On the 8th of March, a half-day workshop organised by the South African Institute of Security (SAIS) brought together a cross section of leading role players to identify and discuss issues pertaining to education and training in the security sector.
Chaired by SAIS chairman, Dave Dodge, the session featured
presentations by Bruce Mohamed of the Quality Council for Trades and Occupations (QCTO), Professors Kris Pillay and George Govender from UNISA, Siemens’ Andrew Kelly presenting on the International Security Management Institute’s (ISMI) offering, Jesca Liphadzi from the Association of Certified Fraud Examiners (ACFE), and Colin Ackroyd summarising the role of ISO and SABS standards.
While all presentations were expertly executed and well received by attendees, there were notable and regrettable absentees in the form of representatives from the Private Security Industry Regulatory Authority (PSIRA), the Safety and Security, Sector Education & Training Authority (SASSETA), the Security Association of South Africa (SASA) and the South African Intruder Detection Services Association (SAIDSA), each of whom was booked not only to attend but also to give a presentation.
The SAIS also used the occasion to launch a programme through which it will endorse training courses which it deems to be of particular value to its members. Adjudication of qualifying courses will be performed by SAIS committee members including the aforementioned UNISA professors. The first such endorsement and currently the only one of its kind in South Africa for this specific market, was handed to Crest Advisory Africa’s risk management course, a certificate in honour of which was accepted by Crest’s CEO, Nico Snyman.
QCTO – Quite Cumbersome; Too Onerous?
Established in 2010 in terms of the Skills Development Act, the role of the QCTO is to oversee the design, implementation, assessment and certification of occupational qualifications on the Occupational Qualifications Sub-Framework (OQSF). Incepted by government to regulate and qualify a skilled and capable workforce, QCTO manages the SETAs as well as several professional bodies.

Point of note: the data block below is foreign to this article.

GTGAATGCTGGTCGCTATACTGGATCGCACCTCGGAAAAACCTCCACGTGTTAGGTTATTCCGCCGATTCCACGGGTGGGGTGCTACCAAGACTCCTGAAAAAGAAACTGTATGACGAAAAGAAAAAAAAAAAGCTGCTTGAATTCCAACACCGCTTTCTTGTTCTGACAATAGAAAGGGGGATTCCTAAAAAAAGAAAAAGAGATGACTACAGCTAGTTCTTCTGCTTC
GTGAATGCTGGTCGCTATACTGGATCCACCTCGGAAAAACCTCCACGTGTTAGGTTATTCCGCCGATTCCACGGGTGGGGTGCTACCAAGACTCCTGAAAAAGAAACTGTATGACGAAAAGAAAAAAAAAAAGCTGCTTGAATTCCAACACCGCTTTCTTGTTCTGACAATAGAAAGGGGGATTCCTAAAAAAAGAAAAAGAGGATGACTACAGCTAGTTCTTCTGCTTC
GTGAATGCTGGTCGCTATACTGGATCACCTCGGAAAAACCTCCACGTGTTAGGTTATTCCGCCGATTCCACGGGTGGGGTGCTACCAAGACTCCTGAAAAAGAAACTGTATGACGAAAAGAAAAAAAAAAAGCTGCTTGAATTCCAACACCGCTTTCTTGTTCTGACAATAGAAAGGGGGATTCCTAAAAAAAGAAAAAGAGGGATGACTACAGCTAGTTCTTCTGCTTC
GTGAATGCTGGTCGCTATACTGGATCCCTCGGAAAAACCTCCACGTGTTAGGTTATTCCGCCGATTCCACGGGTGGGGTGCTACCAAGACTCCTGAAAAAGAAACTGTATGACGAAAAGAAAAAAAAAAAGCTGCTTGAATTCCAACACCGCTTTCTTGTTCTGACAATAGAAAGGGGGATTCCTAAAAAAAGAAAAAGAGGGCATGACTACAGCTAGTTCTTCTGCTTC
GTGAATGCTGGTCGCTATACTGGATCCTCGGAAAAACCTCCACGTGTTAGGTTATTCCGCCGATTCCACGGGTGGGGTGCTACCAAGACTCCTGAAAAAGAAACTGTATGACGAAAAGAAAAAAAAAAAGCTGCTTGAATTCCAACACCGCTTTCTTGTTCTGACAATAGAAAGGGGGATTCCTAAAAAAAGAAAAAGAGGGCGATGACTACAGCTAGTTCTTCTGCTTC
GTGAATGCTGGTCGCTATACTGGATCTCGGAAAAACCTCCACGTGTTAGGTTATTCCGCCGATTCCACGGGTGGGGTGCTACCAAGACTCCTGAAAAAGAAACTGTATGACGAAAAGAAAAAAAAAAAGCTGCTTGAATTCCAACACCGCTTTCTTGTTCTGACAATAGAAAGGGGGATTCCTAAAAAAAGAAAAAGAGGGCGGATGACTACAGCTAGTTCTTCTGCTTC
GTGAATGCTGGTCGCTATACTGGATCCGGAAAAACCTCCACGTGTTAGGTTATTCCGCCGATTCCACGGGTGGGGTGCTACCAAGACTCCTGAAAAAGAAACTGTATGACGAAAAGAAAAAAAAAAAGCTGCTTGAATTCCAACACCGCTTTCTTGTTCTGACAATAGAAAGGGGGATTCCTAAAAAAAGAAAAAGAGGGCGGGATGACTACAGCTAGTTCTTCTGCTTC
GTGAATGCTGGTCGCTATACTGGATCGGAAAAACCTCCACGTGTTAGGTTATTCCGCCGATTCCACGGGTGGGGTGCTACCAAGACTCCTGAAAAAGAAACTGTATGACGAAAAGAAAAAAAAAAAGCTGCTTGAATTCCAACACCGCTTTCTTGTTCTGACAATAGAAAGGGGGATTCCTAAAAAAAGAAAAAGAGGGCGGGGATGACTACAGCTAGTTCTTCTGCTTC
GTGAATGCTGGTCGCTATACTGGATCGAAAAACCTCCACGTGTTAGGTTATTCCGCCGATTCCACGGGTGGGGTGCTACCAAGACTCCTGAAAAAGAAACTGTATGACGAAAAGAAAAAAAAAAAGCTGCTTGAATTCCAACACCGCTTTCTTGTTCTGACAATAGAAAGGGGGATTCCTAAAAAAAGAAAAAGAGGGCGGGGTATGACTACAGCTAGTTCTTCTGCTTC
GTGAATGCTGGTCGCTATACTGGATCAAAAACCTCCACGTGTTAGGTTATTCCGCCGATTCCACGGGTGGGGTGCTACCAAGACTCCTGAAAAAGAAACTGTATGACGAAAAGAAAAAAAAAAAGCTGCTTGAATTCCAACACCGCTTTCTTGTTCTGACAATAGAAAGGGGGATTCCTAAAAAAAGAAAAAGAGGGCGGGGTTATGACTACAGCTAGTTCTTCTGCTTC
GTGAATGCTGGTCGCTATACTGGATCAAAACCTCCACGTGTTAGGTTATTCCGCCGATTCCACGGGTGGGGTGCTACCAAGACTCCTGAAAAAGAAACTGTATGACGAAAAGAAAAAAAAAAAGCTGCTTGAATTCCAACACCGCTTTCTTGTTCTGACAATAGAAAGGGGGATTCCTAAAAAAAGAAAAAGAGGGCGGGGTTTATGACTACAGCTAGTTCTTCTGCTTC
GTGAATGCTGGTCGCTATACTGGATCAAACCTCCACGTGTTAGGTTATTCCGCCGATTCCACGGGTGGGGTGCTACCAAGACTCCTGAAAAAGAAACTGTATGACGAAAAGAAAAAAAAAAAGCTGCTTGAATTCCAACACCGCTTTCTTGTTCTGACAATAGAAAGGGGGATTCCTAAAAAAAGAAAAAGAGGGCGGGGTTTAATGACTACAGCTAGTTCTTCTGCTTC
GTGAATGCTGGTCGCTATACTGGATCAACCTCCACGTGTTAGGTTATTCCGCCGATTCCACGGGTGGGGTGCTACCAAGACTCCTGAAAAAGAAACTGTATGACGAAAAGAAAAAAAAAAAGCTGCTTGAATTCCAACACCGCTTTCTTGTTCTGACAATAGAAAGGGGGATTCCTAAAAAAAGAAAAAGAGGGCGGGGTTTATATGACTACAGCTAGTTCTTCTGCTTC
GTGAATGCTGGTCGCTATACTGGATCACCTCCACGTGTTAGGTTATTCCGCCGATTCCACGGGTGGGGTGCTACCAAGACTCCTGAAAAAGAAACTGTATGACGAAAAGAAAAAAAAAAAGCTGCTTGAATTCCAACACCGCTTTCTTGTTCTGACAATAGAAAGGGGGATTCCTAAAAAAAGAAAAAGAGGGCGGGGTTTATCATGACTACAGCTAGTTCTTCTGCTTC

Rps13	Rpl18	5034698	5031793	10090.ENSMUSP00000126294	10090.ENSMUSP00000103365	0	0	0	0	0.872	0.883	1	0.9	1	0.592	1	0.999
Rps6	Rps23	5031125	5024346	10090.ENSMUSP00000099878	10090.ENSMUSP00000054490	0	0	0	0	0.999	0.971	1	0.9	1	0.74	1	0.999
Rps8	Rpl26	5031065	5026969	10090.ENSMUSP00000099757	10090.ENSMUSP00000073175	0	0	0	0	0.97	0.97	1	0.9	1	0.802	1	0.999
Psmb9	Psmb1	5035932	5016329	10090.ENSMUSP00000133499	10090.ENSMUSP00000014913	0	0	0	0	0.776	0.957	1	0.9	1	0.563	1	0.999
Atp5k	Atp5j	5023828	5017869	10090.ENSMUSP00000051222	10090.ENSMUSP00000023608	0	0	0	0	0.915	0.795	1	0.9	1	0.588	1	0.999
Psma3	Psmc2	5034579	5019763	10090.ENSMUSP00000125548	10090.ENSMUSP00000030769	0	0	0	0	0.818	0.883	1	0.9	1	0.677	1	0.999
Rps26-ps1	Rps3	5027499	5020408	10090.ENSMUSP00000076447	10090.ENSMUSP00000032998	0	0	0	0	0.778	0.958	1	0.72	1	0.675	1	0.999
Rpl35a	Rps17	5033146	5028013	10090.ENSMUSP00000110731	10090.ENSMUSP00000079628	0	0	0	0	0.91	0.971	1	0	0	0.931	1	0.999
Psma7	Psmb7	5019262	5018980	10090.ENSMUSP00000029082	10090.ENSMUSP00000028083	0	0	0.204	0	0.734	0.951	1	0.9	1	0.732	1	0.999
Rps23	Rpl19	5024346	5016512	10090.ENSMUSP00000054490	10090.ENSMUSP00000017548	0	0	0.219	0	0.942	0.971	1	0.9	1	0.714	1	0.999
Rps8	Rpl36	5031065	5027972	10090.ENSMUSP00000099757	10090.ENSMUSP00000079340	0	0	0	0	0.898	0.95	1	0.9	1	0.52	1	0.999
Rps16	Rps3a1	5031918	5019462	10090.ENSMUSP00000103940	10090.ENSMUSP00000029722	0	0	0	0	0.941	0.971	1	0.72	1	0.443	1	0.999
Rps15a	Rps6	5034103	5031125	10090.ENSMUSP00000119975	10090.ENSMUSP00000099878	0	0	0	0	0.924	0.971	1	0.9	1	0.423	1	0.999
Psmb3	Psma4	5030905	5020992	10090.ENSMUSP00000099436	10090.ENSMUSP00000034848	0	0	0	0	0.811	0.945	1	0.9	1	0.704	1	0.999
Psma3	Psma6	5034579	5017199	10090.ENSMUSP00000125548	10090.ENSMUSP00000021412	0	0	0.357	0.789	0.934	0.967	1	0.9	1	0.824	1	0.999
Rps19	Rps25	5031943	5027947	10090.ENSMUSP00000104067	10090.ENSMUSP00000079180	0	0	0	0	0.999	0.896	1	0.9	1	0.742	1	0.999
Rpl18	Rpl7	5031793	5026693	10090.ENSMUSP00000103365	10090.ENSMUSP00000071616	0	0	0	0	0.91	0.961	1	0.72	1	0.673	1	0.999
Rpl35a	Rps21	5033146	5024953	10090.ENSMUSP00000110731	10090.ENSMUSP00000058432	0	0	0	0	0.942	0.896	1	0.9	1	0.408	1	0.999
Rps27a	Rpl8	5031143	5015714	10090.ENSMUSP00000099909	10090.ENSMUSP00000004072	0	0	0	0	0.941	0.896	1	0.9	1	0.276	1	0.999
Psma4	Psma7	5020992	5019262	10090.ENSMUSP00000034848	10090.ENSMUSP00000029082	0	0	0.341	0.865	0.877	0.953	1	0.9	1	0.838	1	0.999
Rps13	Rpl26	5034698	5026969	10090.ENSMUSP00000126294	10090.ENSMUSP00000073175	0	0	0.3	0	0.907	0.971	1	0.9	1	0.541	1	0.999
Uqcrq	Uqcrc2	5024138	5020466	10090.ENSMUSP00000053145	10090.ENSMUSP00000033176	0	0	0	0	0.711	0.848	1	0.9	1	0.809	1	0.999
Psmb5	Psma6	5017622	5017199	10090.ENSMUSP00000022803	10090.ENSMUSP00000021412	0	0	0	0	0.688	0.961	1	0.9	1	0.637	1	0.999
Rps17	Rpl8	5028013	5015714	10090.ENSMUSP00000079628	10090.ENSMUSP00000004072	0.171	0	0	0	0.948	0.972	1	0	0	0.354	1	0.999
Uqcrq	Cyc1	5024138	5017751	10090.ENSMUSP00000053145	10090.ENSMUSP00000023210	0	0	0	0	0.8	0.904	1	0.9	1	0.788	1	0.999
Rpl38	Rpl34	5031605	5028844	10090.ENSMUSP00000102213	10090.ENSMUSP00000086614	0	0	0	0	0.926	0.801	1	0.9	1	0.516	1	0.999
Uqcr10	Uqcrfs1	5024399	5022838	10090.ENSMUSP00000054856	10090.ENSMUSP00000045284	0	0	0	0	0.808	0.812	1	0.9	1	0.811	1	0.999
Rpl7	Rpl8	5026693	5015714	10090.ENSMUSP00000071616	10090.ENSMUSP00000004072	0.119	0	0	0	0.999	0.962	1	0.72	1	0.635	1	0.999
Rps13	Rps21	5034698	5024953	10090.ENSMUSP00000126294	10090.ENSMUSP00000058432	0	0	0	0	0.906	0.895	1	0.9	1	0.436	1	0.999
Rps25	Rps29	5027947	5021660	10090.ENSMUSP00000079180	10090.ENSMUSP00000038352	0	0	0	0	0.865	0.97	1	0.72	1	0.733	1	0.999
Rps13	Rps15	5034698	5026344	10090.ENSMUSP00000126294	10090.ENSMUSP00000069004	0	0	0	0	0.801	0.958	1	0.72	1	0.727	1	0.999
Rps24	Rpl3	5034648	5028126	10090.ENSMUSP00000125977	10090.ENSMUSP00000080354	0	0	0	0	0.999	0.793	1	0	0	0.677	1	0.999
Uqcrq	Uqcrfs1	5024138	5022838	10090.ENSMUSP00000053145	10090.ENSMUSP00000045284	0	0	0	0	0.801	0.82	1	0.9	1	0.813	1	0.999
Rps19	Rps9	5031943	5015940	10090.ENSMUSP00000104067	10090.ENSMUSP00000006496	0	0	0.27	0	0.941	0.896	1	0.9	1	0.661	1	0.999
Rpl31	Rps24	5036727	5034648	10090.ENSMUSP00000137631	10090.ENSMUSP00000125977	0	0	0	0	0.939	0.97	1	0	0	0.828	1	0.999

Although QCTO’s mission of developing a more robust qualifications framework is widely viewed as positive, and even necessary, it is not immune to controversy. Criticisms that have been levelled at it include lack of progress, postponement of implementation timelines, overlapping of skills development providers’ accreditation end dates and SETA licence end dates, and the negative effects that it will have on private providers, with some in the industry going as far as suggesting that the entire process of migrating to QCTO’s structures is doomed to failure.
After his presentation on QCTO’s progress and the implications it will have for the security sector, Bruce Mohamed fielded a number of questions from the audience which illustrated a keen interest in the topic, and also a dose of consternation. One issue that was raised was a concern that employers will ultimately be left to foot the bill for their skills development providers’ transitioning costs. Another was the fact that Mohamed repeatedly called on the audience to drive change by pursuing the issue with their providers; needless to say, industry, on the other hand, would prefer QCTO to take a more top-down approach to propagating its directives.
Let’s be professional about this
Following the final presentation of the day, one member of the audience (a representative of Eskom) spoke up to express his summation of the situation currently facing the security sector when it comes to training and education. To paraphrase his analogy: “I feel like a diner in a restaurant. My waiter has shown me to my table and presented me with the menu. Now, having chosen and ordered my meal, I’m left waiting, hungry and with no explanation as to what’s causing the delay or when I can expect to have my appetite sated.”
Hijacking this analogy, it could be further argued that the waiter in question has advised that, in order to ensure your meal is prepared to your satisfaction, your best bet is to stroll into the kitchen and tell the chef how you want it done, and lend him a hand with the cooking while you’re there. And don’t be surprised when the restaurant adds a mandatory gratuity charge to your bill.
In conclusion, said Eskom representative urged the importance of forming a professional body representing the security sector – a familiar refrain that was echoed by many of the other workshop delegates. Applying for the issuance of such a designation by the South African Qualifications Authority (SAQA) requires no shortage of leg work (and paperwork), but surely an industry with such a surfeit of associations, institutes and other bodies, coupled with the critical nature of private security in South Africa, carries a loud enough voice to be heard.
PSIRA did in fact begin consulting with relevant stakeholders after announcing last year that it would take up the flag of forming a professional body in response to similar calls from across the sector. Their unfortunate absence from this latest workshop has left the security sector wondering who will champion the cause, and how soon.
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